Thesis or dissertation
Date of this Version
The Camino de Santiago is a medieval pilgrimage route that dates back to the 11th century. Today, pilgrims from all over the world undertake the journey to Santiago de Compostela to share in the experience. To earn a compostela the minimum distance that a pilgrim must walk, established by the Church, is 100-kilometers. It is also the boundary of Galicia. The result is that the long-distance pilgrim is forced to contend with the short-distance pilgrim, the pilgrim that walks the minimum. The mixing of these two populations produces friction, caused by each group’s different valuations of the Camino as a experience. As a nightly, physical point of convergence of pilgrims, the albergues, or hostels, are an opportunity to preserve the Camino experience.This study undertakes a close examination of nine albergues located along the entire route and how those albergues support or undermine the unique qualities of the Camino. The analysis is based on drawings, photographs, and personal observations recorded during a July 2014 pilgrimage. This investigation determined that certain albergues were more successful in preserving the experience than others. The successes were albergues that are small in size and, above all, simple. In offering too many amenities, the albergue resembles a tourist’s hostel and thus undermines what is unique to the Camino. If the recommendations determined here were incorporated into Galicia’s attitude toward its network of albergues the last 100-kilometers of the Camino Santiago be reinforced and preserved for future pilgrims to experience.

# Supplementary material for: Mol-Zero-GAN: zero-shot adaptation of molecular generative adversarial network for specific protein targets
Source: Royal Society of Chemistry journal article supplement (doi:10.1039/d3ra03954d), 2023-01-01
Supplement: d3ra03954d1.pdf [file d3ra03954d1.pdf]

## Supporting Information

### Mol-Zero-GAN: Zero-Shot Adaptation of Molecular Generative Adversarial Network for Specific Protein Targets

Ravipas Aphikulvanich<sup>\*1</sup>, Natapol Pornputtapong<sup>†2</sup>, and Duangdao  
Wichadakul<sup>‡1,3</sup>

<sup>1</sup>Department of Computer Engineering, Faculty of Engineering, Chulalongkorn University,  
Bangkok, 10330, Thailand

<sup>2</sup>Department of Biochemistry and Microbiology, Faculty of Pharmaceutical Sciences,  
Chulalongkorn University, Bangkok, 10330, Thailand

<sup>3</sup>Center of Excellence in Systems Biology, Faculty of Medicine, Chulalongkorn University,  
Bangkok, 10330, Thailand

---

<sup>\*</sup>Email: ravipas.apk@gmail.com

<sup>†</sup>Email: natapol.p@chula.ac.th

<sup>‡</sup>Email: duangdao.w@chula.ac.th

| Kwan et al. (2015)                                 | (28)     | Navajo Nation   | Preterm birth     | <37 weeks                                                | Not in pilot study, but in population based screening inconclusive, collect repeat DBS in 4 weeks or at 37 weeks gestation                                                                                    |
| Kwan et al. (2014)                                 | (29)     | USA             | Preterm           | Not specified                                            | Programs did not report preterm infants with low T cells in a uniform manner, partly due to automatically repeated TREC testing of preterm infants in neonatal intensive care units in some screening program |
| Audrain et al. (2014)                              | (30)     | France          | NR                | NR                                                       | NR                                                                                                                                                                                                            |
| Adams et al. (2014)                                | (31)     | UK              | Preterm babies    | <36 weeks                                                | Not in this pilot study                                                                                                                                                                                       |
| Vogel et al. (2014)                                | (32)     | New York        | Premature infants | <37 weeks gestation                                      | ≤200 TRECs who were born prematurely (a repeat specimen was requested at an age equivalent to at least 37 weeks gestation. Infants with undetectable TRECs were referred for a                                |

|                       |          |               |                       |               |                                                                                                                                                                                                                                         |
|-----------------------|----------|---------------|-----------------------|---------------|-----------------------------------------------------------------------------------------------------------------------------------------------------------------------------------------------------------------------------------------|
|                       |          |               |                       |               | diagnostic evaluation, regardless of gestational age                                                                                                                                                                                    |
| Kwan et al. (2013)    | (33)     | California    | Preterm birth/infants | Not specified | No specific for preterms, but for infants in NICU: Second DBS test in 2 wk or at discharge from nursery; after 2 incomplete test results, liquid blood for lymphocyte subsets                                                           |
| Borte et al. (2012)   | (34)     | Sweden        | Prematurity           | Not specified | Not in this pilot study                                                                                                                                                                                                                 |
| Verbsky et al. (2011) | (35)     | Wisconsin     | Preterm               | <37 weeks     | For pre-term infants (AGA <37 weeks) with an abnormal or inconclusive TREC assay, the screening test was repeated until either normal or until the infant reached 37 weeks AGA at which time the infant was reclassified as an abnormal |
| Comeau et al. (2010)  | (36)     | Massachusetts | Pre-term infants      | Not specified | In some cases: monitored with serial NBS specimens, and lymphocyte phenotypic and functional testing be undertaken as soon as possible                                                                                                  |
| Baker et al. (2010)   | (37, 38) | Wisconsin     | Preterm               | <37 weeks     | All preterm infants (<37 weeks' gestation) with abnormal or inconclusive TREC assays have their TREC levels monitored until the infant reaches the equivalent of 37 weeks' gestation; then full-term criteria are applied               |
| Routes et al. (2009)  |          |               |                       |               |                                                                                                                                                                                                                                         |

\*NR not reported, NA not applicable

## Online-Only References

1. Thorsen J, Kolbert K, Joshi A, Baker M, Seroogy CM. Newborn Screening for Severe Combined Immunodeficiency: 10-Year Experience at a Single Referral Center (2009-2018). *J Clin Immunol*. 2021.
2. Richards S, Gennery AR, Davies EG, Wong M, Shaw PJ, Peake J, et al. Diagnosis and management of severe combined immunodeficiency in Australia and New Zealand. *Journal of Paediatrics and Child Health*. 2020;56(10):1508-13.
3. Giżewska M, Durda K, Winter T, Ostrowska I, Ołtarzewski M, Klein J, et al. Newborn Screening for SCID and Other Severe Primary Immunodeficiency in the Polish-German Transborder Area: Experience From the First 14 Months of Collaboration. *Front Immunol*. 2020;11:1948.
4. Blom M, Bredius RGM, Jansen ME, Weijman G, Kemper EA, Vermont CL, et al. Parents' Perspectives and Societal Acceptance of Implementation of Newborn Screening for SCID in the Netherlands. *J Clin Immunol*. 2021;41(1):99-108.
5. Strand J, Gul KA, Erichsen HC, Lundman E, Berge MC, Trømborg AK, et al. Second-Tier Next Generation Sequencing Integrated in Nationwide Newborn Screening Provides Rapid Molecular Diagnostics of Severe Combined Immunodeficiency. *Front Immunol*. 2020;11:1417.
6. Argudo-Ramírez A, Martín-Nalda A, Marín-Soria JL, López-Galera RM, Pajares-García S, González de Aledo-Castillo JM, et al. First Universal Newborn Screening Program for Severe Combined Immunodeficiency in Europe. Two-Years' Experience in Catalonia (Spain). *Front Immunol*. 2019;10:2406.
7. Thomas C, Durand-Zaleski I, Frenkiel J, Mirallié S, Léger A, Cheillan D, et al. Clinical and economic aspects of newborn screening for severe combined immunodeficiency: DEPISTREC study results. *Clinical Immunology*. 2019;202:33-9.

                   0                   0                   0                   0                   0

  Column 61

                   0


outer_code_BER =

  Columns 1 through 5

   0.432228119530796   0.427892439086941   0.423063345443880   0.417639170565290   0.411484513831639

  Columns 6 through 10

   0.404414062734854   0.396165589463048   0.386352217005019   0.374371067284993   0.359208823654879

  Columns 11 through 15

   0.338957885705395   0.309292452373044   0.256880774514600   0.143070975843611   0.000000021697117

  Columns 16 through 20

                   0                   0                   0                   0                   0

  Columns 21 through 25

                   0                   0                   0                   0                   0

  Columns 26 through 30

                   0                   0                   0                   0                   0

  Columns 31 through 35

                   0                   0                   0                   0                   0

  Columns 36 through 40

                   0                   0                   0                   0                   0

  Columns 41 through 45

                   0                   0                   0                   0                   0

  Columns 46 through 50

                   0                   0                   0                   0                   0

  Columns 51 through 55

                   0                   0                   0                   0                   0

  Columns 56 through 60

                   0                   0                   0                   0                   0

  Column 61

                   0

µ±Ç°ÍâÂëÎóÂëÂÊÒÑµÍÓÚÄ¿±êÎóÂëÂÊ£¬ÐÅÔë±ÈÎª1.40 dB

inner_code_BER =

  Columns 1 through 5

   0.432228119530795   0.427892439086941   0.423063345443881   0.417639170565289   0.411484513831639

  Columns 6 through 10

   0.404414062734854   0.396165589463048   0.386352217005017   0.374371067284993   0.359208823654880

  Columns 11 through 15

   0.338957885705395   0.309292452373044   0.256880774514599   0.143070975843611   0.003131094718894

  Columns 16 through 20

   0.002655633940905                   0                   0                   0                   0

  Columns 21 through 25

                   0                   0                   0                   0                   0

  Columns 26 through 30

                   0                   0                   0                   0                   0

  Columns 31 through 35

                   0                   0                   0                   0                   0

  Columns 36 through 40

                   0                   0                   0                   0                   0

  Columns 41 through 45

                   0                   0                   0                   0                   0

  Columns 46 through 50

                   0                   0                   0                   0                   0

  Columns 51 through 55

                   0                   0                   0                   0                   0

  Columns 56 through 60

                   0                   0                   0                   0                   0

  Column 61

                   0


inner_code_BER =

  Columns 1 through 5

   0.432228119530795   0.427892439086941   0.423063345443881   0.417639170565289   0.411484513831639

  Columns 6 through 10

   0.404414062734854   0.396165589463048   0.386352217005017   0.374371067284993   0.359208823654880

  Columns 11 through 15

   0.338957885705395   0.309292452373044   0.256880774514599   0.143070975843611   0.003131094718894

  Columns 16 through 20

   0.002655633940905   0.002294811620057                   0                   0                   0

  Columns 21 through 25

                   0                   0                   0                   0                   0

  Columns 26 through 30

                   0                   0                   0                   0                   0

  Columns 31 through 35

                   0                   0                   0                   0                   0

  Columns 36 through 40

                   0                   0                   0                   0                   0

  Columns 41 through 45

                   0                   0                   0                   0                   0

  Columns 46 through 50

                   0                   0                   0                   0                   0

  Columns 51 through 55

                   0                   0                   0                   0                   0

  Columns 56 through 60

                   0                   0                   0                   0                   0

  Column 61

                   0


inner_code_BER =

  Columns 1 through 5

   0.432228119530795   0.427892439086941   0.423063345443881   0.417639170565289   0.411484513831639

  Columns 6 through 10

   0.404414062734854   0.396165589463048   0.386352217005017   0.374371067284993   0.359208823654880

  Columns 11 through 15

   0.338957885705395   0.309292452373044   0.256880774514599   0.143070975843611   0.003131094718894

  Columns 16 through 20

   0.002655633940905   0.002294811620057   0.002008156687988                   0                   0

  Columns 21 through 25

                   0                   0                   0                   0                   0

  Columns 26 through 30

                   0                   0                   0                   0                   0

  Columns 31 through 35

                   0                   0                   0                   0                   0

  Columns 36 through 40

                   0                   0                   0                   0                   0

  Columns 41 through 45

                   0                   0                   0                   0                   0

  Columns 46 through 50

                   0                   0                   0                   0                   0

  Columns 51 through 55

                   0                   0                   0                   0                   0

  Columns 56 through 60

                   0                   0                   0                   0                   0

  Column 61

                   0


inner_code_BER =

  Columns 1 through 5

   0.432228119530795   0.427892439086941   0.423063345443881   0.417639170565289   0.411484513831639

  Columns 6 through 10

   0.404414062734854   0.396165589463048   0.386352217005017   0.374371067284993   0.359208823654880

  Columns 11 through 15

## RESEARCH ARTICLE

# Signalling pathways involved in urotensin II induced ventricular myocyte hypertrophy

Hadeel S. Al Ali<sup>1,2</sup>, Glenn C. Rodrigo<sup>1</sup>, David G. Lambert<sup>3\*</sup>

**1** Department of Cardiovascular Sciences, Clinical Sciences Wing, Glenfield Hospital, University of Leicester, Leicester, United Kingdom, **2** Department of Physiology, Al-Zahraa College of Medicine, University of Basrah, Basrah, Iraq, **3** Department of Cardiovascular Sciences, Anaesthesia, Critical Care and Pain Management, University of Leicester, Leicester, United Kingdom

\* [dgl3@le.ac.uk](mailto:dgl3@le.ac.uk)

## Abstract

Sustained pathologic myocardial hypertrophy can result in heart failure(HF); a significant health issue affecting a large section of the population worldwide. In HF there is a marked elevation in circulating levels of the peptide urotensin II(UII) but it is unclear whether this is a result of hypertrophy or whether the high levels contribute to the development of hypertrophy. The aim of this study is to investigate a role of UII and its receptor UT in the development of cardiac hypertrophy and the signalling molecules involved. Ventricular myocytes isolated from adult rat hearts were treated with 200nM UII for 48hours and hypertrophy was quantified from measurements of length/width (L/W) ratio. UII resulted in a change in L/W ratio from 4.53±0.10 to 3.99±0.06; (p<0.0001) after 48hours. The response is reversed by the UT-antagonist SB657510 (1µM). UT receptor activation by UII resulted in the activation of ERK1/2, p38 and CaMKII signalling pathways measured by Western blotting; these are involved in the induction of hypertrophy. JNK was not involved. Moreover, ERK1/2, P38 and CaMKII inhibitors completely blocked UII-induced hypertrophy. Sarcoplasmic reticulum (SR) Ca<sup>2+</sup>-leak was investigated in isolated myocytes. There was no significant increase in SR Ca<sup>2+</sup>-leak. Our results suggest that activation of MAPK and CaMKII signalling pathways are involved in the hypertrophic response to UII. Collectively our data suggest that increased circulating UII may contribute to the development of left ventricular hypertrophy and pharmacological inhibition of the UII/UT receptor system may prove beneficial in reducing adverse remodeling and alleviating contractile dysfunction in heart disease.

cultural capital, carrying capacity, cultural landscape, historic value, social value
Date Posted: 15 June 2015